I heard it again the other day in a radio news report discussing the recent professional baseball steroid scandal: “It's not a lie if you believe it's true.”


These words are etched into American culture and regurgitated frequently, thanks to Seinfeld’s George Costanza character, who often trumpeted this phrase. The idea is that to believe something, especially with any degree of passion and sincerity, is sufficient to make it true. This game of moral gymnastics can become an ethical “get out of jail” card for politicians, athletes, or anyone looking to create their own moral code. Yet just because I believe, or have faith, that something is true does not necessarily make it so.


Belief is often misunderstood. It is not ascribing confidence or trust in someone or something without reason to do so. It is not a “cross my fingers and hope it works” blind proposition but is, rather, rooted in knowledge. It is even the case that how a person comes to know things—whether from a textbook, a parent or a first-hand experience is not as important as having reasons to hold a belief as justified and true. As an example, a person can express the belief that there are unicorns, but this would be inappropriate since the person would have no reason/basis/evidence for knowing whether these creatures actually exist.


To better understand this, consider the three basic elements of a belief. First, a belief has a degree of strength. When a person believes something they are saying, they are more than 50% confident it is true. While it is possible to be mistaken about a belief, as a person gains or loses evidence that the belief is true the strength of that belief should adjust. The results of this process can be seen in everyday life as there are some beliefs a person may hold with absolute confidence (e.g., their own existence) and other beliefs that may be more fragile and easily dismissed.


Next, a belief has a degree of centrality. Some beliefs a person holds are peripheral or even trivial so that if changed, the person’s life would not be impacted much (e.g., a belief about the health advantages of eating oranges). Other beliefs are more central to a person’s worldview and so are resistant to change, even when evidence suggests a change is in order. As an example, if evidence surfaced that challenged a person’s religious beliefs, which are much more central to a worldview than anything about eating oranges, a change in belief could be devastating and therefore much more difficult to make. The more central a belief, the more difficult it is to overturn that belief.


Finally, and most important for the purpose of this article, a belief has content. A belief is always about something or someone and is critically important because a person will almost always act according to their beliefs.* It is accurate to say that beliefs are the rails on which a person’s life runs because beliefs shape a person’s values and worldview, which in turn shape their actions.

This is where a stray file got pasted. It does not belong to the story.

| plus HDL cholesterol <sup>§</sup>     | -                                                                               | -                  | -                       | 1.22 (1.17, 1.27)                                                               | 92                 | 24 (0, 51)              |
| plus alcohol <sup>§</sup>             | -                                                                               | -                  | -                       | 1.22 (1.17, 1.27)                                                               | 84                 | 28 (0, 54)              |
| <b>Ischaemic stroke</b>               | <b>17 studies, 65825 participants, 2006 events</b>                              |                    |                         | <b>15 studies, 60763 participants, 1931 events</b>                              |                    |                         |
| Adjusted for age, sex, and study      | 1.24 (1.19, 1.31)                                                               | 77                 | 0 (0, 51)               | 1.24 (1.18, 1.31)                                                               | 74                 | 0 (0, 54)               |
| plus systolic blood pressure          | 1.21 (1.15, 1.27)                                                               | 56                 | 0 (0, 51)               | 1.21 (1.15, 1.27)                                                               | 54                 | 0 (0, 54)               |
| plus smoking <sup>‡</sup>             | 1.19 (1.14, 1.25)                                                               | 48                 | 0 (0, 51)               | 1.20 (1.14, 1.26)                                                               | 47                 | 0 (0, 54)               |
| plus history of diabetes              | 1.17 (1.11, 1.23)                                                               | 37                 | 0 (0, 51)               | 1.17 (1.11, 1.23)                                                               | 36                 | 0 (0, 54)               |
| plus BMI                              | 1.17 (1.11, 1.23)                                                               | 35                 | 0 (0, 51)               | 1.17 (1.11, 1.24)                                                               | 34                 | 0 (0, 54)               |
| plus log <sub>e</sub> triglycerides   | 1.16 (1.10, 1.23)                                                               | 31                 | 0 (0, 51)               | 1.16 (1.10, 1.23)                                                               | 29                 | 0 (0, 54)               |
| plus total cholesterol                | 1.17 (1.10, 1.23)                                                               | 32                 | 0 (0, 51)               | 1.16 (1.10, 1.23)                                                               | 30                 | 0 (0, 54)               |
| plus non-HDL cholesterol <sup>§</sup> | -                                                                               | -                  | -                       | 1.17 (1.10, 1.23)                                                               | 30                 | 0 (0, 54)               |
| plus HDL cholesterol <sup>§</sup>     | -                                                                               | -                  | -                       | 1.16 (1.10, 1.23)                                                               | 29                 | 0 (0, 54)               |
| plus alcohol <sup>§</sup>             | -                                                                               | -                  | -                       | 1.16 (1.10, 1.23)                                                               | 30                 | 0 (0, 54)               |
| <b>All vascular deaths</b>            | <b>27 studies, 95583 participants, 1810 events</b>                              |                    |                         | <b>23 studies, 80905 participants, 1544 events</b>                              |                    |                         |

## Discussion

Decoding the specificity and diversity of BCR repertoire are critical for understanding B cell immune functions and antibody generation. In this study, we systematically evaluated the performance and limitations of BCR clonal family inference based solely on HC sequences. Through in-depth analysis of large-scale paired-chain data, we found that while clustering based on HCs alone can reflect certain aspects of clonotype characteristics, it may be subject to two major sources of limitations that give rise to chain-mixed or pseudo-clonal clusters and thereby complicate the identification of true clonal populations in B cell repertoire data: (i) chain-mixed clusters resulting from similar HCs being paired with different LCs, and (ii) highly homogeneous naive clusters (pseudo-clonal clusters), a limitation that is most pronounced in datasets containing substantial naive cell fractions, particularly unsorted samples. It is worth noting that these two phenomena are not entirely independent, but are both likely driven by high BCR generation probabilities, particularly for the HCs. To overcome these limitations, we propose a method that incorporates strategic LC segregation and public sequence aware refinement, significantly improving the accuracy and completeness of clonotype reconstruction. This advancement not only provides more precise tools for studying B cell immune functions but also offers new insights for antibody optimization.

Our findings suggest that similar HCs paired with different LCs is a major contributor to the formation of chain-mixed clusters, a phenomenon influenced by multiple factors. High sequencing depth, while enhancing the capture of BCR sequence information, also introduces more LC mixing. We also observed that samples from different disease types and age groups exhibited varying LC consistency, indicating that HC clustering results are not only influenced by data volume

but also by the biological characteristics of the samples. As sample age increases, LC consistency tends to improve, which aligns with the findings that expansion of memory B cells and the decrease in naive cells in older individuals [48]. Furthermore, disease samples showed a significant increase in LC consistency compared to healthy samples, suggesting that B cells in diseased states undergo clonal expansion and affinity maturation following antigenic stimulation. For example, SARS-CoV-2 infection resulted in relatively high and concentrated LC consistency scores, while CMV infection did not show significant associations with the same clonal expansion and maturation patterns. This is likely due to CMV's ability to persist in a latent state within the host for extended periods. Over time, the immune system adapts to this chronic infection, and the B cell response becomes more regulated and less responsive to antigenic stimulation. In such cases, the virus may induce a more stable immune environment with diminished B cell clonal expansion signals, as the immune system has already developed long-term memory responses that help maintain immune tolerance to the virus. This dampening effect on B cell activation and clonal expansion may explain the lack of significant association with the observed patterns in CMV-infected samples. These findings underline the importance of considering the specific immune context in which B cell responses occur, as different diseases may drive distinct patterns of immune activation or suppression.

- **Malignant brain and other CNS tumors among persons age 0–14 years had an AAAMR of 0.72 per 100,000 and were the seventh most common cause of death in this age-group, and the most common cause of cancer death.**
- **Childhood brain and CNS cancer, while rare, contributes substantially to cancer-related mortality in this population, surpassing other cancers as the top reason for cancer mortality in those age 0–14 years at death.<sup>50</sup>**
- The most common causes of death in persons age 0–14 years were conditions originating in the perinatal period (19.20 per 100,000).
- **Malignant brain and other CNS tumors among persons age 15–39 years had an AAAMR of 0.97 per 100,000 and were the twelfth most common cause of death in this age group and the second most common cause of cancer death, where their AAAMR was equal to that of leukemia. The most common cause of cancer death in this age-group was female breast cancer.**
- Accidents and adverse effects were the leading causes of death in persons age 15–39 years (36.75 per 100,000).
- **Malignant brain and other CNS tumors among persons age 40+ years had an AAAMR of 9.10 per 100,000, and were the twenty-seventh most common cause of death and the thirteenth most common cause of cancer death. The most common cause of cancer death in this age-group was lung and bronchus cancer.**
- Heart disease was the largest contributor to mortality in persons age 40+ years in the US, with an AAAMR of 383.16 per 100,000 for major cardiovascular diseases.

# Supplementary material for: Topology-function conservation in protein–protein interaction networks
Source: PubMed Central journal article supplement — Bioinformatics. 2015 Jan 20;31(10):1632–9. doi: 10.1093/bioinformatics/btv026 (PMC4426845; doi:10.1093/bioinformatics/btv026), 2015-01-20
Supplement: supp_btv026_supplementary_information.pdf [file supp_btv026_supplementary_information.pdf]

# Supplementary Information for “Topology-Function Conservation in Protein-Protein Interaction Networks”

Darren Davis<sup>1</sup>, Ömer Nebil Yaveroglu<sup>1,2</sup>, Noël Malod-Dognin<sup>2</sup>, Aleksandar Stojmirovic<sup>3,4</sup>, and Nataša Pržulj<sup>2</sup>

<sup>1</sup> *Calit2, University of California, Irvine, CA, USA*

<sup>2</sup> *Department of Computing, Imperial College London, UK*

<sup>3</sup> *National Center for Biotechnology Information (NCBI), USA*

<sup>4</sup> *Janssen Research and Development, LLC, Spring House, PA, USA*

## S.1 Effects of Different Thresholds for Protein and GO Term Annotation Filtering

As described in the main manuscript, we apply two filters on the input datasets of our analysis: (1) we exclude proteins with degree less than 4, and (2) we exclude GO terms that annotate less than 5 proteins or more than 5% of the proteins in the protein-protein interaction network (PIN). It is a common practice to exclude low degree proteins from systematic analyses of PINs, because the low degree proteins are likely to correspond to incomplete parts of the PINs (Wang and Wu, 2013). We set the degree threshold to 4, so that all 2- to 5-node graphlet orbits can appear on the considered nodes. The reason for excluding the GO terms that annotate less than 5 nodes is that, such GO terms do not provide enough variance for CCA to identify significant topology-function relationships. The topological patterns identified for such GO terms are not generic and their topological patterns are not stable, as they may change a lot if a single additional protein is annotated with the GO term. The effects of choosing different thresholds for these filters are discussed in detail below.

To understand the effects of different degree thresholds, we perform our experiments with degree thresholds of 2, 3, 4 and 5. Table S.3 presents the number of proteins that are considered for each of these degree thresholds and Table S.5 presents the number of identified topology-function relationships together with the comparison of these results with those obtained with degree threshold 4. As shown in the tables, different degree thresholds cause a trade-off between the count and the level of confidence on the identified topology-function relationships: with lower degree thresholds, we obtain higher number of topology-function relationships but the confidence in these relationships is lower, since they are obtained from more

This being the case, it does not matter much what a person says they believe or what they want others to think they believe. Behavior is always the best indicator of a person’s actual beliefs and reality is fairly indifferent to the level of passion tied to a belief in comparison to the content of that belief. I can say I believe with all my heart I am ready to play professional football (even though measurements can be made of my flimsy body size or tug-boat speed in the 40-yard dash) or that I did not steal that candy bar from the convenience store (even though there is video footage that says I did). These beliefs would be held without good reasons and though my optimism may rise for a time to think my beliefs make something true, they do not change reality. Likewise, my belief about a moral situation, regardless of its context, does not change the moral code: I am still responsible both for what I believe and for my actions, moral and otherwise.


Therefore, I urge everyone to choose to believe in something or someone because it is true (based on compelling reasons to believe) and be wary of those who think that merely believing something is enough to make it true. A human being cannot create truth, moral or otherwise, and we should be thankful for this.


  • Ryan P. Whitson is a professor of Ethics and Sociology at Colorado Technical University and is working on his doctorate in theology at Talbot School of Theology. He may be contacted at This email address is being protected from spambots. You need JavaScript enabled to view it..




*This is a debatable statement, but the weight of evidence favors that it is true. As evidence, consider sociological dynamics of socialization and social norms, psychological research on the relationship between mind-body beliefs and behavior, and philosophical arguments such as action theory.